Geographers make an important contribution to our understanding of the factors that determine the health and wellbeing of Australians and those living in other parts of the world. Areas of particular interest include:
The influence that people’s address has on their health. Key areas of interest include the impact of spatial inequalities in on peoples’ health, disease concentrations, spatial analyses of disease prevalence and incidence, environmental influences on health, accessibility to health services and the relationship between housing and health.
The relative wellbeing of a population with particular reference to education, employment, housing, health, accessibility of services, environmental quality, social relationships and social connectedness, security and respect.
Locational disadvantage – the idea that socio-economically disadvantaged individuals and households are often concentrated in places—both urban and rural – with poor employment, training and educational opportunities.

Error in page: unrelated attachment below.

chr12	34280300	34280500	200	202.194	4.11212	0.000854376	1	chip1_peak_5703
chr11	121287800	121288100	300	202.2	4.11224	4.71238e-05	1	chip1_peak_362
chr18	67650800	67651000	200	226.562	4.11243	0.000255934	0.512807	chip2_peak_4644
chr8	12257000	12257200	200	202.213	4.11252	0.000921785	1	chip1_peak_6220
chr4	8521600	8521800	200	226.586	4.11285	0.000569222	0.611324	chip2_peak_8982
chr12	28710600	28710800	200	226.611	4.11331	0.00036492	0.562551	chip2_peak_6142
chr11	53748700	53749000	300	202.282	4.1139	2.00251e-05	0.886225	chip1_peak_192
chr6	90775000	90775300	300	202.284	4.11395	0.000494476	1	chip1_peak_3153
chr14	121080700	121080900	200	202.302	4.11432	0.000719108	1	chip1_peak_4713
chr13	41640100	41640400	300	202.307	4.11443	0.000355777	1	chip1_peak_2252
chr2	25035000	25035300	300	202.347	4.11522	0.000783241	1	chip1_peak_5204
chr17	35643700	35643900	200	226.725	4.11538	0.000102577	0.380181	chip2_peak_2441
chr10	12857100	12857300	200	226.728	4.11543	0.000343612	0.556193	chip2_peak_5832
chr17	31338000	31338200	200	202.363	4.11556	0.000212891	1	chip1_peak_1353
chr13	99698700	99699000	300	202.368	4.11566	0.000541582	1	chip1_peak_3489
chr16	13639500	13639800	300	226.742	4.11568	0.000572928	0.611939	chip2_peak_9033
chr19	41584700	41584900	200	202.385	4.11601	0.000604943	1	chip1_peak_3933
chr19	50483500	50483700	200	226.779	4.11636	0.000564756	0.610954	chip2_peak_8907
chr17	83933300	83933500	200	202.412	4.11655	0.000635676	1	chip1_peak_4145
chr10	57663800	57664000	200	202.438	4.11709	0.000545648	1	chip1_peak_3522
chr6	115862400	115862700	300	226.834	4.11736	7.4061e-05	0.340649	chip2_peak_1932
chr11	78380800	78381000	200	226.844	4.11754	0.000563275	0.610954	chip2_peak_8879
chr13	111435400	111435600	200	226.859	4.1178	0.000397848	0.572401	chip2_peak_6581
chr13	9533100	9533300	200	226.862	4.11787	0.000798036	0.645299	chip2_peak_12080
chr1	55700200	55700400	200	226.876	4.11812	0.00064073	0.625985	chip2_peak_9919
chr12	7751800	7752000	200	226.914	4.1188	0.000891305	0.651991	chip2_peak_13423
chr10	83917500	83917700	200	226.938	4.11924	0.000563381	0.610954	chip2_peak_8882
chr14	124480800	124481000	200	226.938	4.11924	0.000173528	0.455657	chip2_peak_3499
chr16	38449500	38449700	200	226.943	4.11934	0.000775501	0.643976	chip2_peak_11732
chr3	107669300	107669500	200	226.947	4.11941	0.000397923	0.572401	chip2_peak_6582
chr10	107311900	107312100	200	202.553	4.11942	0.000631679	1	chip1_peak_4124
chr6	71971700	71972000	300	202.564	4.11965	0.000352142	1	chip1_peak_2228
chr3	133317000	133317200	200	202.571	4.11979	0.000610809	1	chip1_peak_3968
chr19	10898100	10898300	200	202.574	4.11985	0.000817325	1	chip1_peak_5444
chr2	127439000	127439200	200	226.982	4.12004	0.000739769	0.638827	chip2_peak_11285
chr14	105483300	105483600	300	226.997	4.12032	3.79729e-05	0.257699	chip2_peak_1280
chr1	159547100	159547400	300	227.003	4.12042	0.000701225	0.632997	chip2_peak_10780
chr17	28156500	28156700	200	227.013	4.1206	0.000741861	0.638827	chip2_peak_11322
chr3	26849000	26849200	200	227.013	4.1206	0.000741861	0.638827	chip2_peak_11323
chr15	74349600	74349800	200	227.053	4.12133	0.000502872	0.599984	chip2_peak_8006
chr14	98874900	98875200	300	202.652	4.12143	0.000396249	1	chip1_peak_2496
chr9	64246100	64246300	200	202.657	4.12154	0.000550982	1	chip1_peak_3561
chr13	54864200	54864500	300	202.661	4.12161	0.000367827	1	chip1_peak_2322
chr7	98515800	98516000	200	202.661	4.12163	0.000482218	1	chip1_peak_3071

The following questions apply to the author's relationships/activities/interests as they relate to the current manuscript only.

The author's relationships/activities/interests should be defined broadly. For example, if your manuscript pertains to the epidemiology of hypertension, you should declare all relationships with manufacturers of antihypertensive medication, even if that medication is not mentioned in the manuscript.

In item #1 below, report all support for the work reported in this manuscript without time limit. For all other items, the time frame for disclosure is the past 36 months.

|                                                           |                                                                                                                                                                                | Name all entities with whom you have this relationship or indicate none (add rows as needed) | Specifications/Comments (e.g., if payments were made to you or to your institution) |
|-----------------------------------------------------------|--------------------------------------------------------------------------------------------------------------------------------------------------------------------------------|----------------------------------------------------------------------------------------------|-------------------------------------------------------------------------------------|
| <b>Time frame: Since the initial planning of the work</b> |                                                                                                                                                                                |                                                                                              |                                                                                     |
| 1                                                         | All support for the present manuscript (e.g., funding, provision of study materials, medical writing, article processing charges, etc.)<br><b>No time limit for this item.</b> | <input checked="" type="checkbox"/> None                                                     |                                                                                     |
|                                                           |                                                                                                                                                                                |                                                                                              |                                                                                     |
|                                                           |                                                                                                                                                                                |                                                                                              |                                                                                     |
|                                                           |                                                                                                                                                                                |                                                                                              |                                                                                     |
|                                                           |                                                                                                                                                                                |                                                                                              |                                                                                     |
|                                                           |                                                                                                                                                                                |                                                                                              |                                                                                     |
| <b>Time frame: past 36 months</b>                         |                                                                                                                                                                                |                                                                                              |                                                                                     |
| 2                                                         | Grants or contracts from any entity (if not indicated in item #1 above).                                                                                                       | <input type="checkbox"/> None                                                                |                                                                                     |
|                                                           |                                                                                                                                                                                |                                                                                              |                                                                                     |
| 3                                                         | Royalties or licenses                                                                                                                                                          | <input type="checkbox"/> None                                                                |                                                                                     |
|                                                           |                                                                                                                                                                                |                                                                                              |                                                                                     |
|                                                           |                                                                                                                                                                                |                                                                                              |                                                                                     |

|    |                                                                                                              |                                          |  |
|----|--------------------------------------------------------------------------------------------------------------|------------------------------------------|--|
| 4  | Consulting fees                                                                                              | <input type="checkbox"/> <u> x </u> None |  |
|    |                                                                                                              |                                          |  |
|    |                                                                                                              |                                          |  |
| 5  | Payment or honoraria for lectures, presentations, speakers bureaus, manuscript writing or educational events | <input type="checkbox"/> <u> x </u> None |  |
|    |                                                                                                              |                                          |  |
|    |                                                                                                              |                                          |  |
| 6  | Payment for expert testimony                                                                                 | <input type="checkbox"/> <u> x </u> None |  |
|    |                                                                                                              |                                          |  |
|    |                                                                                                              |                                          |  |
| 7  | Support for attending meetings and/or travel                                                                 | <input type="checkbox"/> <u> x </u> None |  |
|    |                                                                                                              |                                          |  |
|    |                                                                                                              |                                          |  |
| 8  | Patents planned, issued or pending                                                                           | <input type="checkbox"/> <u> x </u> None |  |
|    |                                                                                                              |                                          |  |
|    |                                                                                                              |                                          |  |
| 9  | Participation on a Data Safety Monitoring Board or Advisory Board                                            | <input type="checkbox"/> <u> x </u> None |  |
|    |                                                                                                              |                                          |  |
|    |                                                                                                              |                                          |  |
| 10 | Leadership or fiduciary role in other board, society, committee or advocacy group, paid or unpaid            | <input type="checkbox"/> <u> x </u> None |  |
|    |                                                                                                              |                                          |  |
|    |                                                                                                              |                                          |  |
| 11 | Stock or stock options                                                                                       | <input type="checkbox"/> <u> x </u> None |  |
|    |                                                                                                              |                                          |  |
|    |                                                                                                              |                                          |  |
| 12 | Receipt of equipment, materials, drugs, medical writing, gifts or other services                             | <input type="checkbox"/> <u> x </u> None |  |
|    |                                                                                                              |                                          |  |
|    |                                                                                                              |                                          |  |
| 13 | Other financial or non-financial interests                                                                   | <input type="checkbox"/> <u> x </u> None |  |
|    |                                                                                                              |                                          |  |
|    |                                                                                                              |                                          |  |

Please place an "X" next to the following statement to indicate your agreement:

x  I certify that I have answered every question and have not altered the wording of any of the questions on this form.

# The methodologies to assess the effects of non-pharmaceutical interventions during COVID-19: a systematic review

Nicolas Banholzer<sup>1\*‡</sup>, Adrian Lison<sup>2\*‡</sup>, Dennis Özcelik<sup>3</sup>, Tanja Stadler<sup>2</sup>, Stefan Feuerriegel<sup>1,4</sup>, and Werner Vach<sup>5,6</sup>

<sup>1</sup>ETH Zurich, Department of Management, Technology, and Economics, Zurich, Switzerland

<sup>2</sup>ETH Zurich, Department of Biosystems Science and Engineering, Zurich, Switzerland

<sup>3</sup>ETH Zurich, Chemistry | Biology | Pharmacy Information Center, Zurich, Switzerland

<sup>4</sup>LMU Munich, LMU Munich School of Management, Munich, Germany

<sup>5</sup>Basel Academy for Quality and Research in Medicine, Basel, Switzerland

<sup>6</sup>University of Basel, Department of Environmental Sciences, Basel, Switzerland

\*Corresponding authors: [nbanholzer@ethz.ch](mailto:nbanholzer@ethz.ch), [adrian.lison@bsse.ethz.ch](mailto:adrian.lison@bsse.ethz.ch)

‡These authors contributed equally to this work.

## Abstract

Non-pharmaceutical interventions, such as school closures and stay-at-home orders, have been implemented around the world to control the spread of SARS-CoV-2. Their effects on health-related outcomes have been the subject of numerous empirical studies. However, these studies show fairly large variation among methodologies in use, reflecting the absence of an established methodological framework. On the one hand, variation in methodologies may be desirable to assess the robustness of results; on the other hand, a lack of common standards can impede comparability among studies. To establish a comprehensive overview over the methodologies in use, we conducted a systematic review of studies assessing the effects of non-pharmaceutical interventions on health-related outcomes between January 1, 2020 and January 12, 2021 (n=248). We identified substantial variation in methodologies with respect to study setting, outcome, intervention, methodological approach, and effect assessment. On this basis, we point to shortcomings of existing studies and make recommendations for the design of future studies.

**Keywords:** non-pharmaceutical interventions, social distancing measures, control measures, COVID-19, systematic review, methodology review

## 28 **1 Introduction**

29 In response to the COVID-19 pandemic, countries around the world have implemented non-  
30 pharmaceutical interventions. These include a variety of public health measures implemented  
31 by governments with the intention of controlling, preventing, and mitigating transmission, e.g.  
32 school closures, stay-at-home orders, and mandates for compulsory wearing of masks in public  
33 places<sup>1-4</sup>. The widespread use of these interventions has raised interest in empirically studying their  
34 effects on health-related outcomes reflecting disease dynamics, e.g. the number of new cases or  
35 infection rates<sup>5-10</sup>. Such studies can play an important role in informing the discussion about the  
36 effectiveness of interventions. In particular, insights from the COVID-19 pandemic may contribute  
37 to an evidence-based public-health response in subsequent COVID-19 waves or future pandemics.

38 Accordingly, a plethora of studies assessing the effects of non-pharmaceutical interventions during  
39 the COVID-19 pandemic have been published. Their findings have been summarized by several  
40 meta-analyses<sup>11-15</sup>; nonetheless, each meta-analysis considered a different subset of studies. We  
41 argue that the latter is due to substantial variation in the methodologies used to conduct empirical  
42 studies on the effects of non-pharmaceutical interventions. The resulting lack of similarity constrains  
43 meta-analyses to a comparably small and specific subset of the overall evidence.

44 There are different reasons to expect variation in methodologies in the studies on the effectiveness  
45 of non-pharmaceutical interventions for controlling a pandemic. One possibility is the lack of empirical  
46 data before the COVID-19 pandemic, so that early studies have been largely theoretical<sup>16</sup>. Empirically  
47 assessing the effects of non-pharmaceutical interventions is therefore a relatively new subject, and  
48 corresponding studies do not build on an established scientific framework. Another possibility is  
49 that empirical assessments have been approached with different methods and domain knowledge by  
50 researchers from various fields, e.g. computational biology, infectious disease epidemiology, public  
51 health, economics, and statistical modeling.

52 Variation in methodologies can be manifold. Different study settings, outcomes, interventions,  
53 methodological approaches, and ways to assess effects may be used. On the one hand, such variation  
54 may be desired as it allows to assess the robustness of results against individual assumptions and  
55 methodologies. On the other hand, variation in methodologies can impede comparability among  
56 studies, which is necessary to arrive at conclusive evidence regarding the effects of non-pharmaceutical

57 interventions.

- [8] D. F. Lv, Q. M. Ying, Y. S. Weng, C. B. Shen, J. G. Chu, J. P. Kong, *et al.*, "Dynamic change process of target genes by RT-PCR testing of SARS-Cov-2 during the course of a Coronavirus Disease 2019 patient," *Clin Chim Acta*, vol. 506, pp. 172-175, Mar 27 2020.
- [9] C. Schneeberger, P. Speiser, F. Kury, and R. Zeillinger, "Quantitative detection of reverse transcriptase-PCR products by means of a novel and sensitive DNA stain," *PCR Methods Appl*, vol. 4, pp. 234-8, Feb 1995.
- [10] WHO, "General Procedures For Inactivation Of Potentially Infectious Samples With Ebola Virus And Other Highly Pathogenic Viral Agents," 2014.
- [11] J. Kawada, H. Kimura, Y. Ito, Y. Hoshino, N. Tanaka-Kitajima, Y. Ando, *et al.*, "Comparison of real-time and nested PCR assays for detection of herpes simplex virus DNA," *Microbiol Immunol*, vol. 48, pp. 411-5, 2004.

Social isolation – defined as living without companionship, having low levels of social contact, little social support, feeling separated from others, being an outsider, isolated and suffering loneliness.
The social policy dimensions of the impediments and challenges faced by Indigenous peoples.
Homelessness is an example of the social disadvantage apparent in even the wealthiest of countries (Source: Shutterstock)
Relevant careers include climate change assessment and planning; consulting and project management; education; environmental and social impact assessment; international development and aid; local and regional development; planning; populational analysis; public policy; social services and welfare.
In the spirit of reconciliation the Australian Geography Teachers Association acknowledges the Traditional Custodians of Country throughout Australia and their connections to land, sea and community. We pay our respect to their elders past and present and extend that respect to all Aboriginal and Torres Strait Islander peoples today.
In the spirit of reconciliation the Australian Geography Teachers Association acknowledges the Traditional Custodians of country throughout Australia and their connections to land, sea and community. We pay our respect to their elders past and present and extend that respect to all Aboriginal and Torres Strait Islander peoples today.